Until there is a vaccine available, robots currently feature one critical characteristic that humans do not: immunity to the coronavirus. Therefore, robots are well-suited to go places where humans cannot and interact in ways that limit exposure to the virus. From disinfecting hospital rooms and bathrooms to early detection of COVID-19 symptoms and preventing loneliness during isolation, robots are offering a critical helping hand during the COVID-19 crisis.
On the frontlines
Robots are best suited for jobs that are too dirty, dull or dangerous for humans. The coronavirus is the perfect example of a job too dangerous. Enter Violet, one of the many robots deployed to be on the hospital frontlines, but unique in that it is equipped with a UV-C light that is a powerful disinfectant in hospital settings and known to be a coronavirus-killer. Its creator, Akara Robotics, is now focused on making Violet compact enough to fit in hard-to-clean areas, such as bathrooms and waiting areas. UV cleaning robots are in high demand. Other robotics firms, such as Xenex, say their sales of UV cleaning robots are up 600% compared to 2019.
Early symptom detection
Vayyar Imaging, an Israeli-based provider of 4D imaging sensor technology, is developing an intelligent care robot that can detect early symptoms of COVID-19 in under 10 seconds. As the economy reopens, the robot will be critical to restoring confidence in venturing out, as it can be equipped in any public space, such as supermarket entrances and airports.
A cure for loneliness
In the midst of the pandemic, children and the elderly have been isolated at hospitals with limited visitation and interaction. Starting this month, a robot companion named Robin will make the rounds to ease hospitalized children’s distress, isolation and fear. It is the first robot of its kind that uses peer-to-peer interaction to help children overcome stress and anxiety. The technology analyzes facial expressions and the context of conversations, meaning it can react naturally to situations and interactions with children. In a study done by Expper Technologies, the creator of Robin, children reported a 26% increase in joy and 34% reduction in stress due to Robin’s companionship.
Isolation from the pandemic has also had a major impact on the elderly community, which has seen a spike in mental health issues and depression. This is where Stevie, also from Akara Robotics, comes in. The robot’s primary role is to alleviate loneliness and is programmed to tell stories, lead sing-alongs and build morale in group care settings.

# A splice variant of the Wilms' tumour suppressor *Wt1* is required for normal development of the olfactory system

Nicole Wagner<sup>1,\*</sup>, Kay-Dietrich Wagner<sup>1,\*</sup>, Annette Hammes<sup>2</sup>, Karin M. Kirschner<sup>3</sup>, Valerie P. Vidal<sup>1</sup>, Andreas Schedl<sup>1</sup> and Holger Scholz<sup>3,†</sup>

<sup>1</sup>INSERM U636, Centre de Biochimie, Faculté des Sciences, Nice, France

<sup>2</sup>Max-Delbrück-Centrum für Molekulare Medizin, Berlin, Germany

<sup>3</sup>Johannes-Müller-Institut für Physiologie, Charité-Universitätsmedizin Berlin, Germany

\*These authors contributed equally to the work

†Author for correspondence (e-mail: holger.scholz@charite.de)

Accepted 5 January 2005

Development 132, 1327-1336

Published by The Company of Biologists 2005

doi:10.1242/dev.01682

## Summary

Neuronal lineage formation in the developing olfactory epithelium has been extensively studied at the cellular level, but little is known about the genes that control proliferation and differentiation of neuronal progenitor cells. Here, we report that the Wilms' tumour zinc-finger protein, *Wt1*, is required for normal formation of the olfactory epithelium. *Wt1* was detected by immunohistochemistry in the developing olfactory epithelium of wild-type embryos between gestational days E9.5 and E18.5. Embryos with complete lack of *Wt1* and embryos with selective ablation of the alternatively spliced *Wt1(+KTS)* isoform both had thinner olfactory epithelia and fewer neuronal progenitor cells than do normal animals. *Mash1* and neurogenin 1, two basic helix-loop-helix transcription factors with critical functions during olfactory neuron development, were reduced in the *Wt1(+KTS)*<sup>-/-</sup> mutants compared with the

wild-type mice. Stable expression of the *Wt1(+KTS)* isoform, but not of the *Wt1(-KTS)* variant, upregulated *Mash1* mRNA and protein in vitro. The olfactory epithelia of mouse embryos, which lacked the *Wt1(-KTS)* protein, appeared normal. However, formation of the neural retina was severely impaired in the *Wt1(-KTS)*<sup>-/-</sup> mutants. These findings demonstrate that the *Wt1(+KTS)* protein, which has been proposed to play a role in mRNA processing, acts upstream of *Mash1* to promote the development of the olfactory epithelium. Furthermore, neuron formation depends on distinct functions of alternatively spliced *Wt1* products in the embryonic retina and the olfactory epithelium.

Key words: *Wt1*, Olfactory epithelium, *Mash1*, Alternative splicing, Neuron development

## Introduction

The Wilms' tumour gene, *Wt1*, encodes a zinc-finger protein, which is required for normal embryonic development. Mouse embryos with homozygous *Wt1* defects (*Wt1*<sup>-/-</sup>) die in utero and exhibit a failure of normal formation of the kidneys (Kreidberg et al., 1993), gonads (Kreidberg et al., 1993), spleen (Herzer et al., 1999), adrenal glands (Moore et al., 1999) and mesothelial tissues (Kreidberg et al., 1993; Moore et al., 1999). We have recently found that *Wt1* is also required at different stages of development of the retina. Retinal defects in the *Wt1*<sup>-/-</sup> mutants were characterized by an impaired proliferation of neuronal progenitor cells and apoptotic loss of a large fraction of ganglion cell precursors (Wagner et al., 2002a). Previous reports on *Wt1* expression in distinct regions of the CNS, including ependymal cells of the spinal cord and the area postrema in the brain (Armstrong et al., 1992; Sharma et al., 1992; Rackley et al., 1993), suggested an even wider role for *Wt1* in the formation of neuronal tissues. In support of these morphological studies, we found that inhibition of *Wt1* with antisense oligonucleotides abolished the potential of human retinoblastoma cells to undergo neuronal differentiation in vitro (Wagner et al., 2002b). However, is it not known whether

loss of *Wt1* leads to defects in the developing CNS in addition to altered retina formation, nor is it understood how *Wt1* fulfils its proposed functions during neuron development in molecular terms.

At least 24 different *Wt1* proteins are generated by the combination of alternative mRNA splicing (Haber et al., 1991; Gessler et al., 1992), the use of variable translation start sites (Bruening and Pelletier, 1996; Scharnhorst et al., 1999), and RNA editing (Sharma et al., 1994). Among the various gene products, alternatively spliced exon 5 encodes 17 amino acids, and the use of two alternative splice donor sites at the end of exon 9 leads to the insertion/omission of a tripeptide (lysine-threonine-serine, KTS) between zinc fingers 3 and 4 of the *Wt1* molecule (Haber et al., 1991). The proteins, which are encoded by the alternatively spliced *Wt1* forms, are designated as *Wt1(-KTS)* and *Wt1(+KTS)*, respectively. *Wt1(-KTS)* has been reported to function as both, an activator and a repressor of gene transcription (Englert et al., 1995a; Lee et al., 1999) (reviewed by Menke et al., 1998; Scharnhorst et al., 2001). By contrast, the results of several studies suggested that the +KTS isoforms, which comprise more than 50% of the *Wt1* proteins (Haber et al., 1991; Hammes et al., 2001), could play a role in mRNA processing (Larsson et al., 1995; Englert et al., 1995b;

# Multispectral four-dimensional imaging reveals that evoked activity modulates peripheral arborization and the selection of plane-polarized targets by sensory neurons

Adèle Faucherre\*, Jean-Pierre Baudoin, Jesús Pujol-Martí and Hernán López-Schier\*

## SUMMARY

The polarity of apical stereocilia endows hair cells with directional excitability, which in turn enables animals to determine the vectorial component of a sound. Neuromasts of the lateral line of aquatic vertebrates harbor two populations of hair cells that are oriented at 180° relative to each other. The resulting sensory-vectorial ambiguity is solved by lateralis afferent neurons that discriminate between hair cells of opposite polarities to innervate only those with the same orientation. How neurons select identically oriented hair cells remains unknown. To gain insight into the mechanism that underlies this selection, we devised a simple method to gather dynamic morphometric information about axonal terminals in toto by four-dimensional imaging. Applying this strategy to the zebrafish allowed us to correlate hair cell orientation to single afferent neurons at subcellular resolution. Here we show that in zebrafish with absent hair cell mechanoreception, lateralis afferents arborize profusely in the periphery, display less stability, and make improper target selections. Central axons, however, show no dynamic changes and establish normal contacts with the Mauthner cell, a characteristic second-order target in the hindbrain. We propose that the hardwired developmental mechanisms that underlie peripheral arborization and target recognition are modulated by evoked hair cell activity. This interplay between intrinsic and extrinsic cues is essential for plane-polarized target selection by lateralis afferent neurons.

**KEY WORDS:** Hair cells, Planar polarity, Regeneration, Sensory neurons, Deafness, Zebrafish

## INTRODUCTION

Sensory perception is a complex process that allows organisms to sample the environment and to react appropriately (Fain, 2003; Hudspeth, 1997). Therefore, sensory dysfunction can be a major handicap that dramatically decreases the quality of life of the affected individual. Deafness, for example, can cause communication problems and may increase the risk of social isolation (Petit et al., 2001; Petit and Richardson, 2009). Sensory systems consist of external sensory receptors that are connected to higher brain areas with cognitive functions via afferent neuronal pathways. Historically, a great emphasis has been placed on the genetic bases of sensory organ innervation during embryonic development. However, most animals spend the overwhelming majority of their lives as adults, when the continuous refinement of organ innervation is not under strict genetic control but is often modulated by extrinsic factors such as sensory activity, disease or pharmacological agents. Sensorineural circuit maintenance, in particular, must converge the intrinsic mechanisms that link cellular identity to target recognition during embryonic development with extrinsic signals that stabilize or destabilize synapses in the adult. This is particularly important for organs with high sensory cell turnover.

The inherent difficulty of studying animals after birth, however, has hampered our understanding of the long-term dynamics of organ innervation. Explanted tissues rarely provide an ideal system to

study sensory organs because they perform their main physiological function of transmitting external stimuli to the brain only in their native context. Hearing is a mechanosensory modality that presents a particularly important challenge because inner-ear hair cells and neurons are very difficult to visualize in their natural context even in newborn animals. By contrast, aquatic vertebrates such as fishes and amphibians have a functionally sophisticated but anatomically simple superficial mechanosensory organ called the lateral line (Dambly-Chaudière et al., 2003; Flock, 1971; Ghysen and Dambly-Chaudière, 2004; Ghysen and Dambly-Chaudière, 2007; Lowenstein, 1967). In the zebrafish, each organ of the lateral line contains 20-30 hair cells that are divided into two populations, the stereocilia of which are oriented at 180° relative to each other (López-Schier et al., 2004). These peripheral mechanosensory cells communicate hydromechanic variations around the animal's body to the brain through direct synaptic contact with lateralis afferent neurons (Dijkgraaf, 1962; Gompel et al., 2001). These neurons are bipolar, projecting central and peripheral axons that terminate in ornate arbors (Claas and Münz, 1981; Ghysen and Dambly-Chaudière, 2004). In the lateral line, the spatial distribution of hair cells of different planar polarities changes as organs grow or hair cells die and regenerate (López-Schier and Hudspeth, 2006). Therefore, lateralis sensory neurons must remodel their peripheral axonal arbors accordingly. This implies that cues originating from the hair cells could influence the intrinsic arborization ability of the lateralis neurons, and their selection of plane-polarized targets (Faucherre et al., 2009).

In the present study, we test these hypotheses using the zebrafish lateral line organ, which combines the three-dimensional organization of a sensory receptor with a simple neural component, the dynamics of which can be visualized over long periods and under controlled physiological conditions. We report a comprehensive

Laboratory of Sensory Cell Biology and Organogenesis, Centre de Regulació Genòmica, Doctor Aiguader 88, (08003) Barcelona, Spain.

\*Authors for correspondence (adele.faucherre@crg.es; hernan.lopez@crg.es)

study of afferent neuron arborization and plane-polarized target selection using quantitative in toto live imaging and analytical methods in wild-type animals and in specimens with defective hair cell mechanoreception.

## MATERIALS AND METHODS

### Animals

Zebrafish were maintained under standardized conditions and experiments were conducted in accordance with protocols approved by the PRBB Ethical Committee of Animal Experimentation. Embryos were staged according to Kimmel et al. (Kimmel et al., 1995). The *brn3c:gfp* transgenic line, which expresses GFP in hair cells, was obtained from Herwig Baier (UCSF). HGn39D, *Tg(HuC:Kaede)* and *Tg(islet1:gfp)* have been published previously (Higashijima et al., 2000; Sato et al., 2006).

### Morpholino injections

Pediatric devices in development
Although COVID-19 has largely spared the pediatric population, it remains a serious threat, particularly as daycares, camps and schools begin to reopen. To address pediatric-specific concerns in monitoring the virus, the National Capital Consortium for Pediatric Device Innovation has launched a special competition focused on COVID-19-related innovation in the pediatric space. Companies such as Adipomics, MediChain and OxiWear will compete for FDA-funded grants to support medical device innovations to diagnose, monitor and treat the virus.
BOSTON – July 16, 2020 – Greenough Communications, a leading independent marketing and PR firm, today announced that Ben Godley has joined the company as President. Godley brings more than 30 years of executive management and marketing experience to the newly created role to help support Greenough’s growing portfolio of national clients in the healthcare, life sciences, technology, professional services, consumer and non-profit sectors.
Godley was previously the CEO and co-founder of CDP, a WGBH-owned public benefit corporation providing marketing, technology, data analytics and fundraising services to 230 public media stations and managing $110M in annual donations. For ten years prior, Godley was the COO of WGBH, the country’s largest public television content producer.
“I’ve known Ben well as a client and former colleague and I am thrilled to bring his experience and skills in business strategy, brand-building, service innovation and problem solving to our roster of leading clients,” said Phil Greenough, founder and CEO of Greenough Communications. “Ben will help us grow the agency and deepen our value to the clients who entrust us as storytellers and stewards of their brands.”
“I’m delighted to work again with Phil and his incredibly talented team in helping a diverse set of powerhouse clients achieve ambitious outcomes,” said Godley. “Returning to my roots in public relations, corporate strategy and marketing counsel has been a goal for some time and joining Greenough was the ideal environment.”
During his 10 years as COO of WGBH, Godley was responsible for corporate strategy and day-to-day operational management of the $240M, 900 employee educational non-profit. Under his leadership, WGBH increased its operating revenue and endowment to record levels and created new initiatives and businesses to strengthen the company and overall public media system. As COO, Godley oversaw WGBH’s regional television, radio and digital services and led the investment and significant expansion of their local newsroom and broadcast journalism services.